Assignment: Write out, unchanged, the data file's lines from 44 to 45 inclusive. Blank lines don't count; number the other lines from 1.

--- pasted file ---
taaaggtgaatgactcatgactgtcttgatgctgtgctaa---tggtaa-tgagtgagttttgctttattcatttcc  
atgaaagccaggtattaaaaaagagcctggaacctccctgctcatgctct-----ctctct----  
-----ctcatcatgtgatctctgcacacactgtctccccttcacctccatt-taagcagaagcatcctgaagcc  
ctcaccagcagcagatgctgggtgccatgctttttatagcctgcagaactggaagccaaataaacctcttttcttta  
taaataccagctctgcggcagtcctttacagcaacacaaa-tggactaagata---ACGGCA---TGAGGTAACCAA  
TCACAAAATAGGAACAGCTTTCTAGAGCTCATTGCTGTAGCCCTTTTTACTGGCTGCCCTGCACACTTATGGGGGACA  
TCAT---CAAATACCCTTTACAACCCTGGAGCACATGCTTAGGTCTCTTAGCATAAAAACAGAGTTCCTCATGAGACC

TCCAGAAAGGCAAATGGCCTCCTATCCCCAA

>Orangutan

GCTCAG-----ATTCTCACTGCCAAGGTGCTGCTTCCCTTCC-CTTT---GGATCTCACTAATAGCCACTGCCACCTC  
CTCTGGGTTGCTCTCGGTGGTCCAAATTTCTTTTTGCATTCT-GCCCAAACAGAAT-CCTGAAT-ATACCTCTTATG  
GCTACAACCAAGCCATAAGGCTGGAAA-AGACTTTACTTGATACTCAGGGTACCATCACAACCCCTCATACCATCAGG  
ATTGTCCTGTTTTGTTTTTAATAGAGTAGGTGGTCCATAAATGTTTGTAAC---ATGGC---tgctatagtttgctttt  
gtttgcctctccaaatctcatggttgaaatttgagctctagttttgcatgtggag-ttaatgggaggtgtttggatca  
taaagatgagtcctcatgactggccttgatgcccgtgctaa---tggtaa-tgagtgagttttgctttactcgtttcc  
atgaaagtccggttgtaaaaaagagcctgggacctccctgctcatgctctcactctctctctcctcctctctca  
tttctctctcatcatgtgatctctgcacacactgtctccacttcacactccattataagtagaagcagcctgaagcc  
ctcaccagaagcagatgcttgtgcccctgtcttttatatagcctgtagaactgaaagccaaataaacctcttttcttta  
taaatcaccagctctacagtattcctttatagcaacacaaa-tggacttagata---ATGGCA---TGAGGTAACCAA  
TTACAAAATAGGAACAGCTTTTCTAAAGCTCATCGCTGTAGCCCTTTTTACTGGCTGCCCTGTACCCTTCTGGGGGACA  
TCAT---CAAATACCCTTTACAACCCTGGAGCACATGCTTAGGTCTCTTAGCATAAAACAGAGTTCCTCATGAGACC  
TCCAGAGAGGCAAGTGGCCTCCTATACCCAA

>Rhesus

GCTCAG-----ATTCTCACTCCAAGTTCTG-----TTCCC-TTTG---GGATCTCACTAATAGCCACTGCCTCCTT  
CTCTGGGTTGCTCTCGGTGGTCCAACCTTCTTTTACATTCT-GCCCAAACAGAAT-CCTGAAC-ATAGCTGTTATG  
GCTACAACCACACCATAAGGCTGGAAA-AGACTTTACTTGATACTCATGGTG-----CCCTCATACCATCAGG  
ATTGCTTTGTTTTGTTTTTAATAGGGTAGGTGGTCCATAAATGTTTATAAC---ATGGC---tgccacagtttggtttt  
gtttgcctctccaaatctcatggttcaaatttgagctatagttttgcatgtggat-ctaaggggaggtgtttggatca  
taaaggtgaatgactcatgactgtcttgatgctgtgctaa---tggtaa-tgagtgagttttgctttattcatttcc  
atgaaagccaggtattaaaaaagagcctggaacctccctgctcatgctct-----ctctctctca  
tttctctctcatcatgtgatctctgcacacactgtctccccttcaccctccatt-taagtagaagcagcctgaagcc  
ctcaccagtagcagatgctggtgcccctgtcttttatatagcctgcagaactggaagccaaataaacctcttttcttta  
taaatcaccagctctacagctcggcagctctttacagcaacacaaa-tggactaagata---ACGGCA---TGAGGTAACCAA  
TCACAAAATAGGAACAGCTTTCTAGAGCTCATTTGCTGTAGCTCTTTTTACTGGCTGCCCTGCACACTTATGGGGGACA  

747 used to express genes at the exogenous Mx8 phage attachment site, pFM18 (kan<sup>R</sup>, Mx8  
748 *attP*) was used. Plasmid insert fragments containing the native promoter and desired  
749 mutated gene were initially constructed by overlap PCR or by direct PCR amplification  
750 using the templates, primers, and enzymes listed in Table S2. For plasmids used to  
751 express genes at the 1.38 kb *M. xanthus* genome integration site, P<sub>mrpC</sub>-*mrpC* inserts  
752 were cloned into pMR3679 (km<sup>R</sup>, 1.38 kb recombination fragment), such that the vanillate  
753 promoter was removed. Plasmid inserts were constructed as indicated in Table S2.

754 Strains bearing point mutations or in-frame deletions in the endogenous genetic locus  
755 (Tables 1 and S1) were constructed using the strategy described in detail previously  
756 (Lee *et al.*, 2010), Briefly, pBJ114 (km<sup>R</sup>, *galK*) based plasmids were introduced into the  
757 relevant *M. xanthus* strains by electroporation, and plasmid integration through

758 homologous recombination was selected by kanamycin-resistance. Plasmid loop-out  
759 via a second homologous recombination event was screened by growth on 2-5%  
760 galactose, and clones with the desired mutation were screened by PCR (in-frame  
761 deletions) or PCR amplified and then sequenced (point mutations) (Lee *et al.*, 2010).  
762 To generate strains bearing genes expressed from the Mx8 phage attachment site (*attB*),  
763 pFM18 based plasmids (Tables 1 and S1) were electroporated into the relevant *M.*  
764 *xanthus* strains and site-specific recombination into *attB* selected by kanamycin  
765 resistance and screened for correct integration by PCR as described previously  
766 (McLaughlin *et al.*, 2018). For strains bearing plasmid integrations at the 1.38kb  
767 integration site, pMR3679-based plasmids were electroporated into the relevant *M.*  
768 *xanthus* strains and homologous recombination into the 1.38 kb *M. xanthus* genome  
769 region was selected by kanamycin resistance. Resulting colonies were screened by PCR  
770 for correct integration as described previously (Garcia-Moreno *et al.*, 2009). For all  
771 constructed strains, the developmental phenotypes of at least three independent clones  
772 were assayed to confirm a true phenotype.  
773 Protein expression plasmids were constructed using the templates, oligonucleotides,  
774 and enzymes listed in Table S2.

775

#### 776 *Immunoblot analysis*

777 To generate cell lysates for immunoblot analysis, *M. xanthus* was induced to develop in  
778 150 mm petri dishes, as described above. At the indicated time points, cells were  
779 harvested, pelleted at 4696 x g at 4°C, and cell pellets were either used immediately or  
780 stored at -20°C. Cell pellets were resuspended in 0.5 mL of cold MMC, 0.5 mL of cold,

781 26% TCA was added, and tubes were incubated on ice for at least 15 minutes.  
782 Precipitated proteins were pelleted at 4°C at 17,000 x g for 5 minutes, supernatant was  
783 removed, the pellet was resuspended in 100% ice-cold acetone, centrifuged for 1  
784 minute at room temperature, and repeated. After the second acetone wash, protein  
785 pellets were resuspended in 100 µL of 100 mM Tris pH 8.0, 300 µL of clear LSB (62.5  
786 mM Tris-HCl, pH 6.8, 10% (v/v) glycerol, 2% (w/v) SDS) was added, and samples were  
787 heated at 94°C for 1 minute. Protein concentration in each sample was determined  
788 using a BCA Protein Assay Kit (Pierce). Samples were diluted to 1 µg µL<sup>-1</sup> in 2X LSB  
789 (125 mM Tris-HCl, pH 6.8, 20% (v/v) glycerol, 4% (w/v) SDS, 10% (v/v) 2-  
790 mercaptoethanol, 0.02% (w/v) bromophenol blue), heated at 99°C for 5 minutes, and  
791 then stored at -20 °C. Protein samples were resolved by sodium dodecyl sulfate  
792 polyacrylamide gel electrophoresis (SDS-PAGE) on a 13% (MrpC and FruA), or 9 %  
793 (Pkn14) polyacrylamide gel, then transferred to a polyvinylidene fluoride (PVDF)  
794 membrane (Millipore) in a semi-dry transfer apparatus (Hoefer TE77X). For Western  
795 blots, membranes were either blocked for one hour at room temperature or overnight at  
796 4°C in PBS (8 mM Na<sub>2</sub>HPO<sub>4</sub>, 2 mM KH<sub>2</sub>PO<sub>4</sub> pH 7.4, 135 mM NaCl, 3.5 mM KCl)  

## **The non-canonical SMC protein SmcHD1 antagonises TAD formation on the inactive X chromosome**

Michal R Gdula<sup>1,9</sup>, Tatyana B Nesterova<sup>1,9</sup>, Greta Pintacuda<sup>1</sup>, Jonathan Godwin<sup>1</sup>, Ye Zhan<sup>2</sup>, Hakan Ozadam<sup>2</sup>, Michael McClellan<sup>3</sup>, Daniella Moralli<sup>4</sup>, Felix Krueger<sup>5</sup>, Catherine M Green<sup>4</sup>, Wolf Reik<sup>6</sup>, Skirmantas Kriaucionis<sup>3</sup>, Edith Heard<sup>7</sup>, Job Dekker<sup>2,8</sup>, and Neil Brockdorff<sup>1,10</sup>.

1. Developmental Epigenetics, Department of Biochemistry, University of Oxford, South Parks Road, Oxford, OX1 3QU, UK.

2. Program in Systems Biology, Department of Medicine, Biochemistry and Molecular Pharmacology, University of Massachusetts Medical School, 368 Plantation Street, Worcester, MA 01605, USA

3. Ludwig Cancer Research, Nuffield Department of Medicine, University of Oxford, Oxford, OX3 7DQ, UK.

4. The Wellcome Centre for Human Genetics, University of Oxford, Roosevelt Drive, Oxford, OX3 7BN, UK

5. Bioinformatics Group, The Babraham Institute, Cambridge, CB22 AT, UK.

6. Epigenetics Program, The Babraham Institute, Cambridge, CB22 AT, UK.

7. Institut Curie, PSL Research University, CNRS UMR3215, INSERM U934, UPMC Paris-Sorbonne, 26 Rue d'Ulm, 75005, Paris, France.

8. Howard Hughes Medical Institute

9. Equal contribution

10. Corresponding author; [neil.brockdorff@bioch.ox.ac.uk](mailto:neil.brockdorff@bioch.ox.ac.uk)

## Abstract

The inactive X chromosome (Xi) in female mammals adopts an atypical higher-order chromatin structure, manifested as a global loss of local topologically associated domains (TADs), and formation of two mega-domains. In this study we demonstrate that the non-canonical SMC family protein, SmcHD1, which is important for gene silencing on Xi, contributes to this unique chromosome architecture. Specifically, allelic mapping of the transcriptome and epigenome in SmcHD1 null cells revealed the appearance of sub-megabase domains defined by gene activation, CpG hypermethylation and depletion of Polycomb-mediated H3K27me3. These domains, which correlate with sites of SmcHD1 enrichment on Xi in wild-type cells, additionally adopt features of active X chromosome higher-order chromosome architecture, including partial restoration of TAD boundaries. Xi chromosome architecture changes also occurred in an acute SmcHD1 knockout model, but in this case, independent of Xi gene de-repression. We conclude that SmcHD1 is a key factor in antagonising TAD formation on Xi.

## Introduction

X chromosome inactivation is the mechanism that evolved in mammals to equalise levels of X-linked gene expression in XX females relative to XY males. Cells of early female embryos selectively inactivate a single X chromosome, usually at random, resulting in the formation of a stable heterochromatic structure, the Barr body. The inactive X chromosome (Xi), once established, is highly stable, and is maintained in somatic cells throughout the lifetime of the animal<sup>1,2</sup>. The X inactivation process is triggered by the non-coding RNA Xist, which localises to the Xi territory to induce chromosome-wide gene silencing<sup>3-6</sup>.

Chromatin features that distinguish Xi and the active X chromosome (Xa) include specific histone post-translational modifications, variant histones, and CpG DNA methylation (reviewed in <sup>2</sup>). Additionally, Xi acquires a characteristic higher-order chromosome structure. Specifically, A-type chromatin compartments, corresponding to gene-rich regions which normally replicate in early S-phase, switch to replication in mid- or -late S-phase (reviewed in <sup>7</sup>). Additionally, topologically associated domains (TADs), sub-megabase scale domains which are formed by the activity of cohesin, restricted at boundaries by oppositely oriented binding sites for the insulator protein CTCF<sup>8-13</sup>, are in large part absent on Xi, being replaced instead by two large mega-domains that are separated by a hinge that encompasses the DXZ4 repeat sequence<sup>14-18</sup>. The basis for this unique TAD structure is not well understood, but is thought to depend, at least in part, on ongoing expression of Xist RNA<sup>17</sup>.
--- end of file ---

756 (Lee *et al.*, 2010), Briefly, pBJ114 (km<sup>R</sup>, *galK*) based plasmids were introduced into the  
757 relevant *M. xanthus* strains by electroporation, and plasmid integration through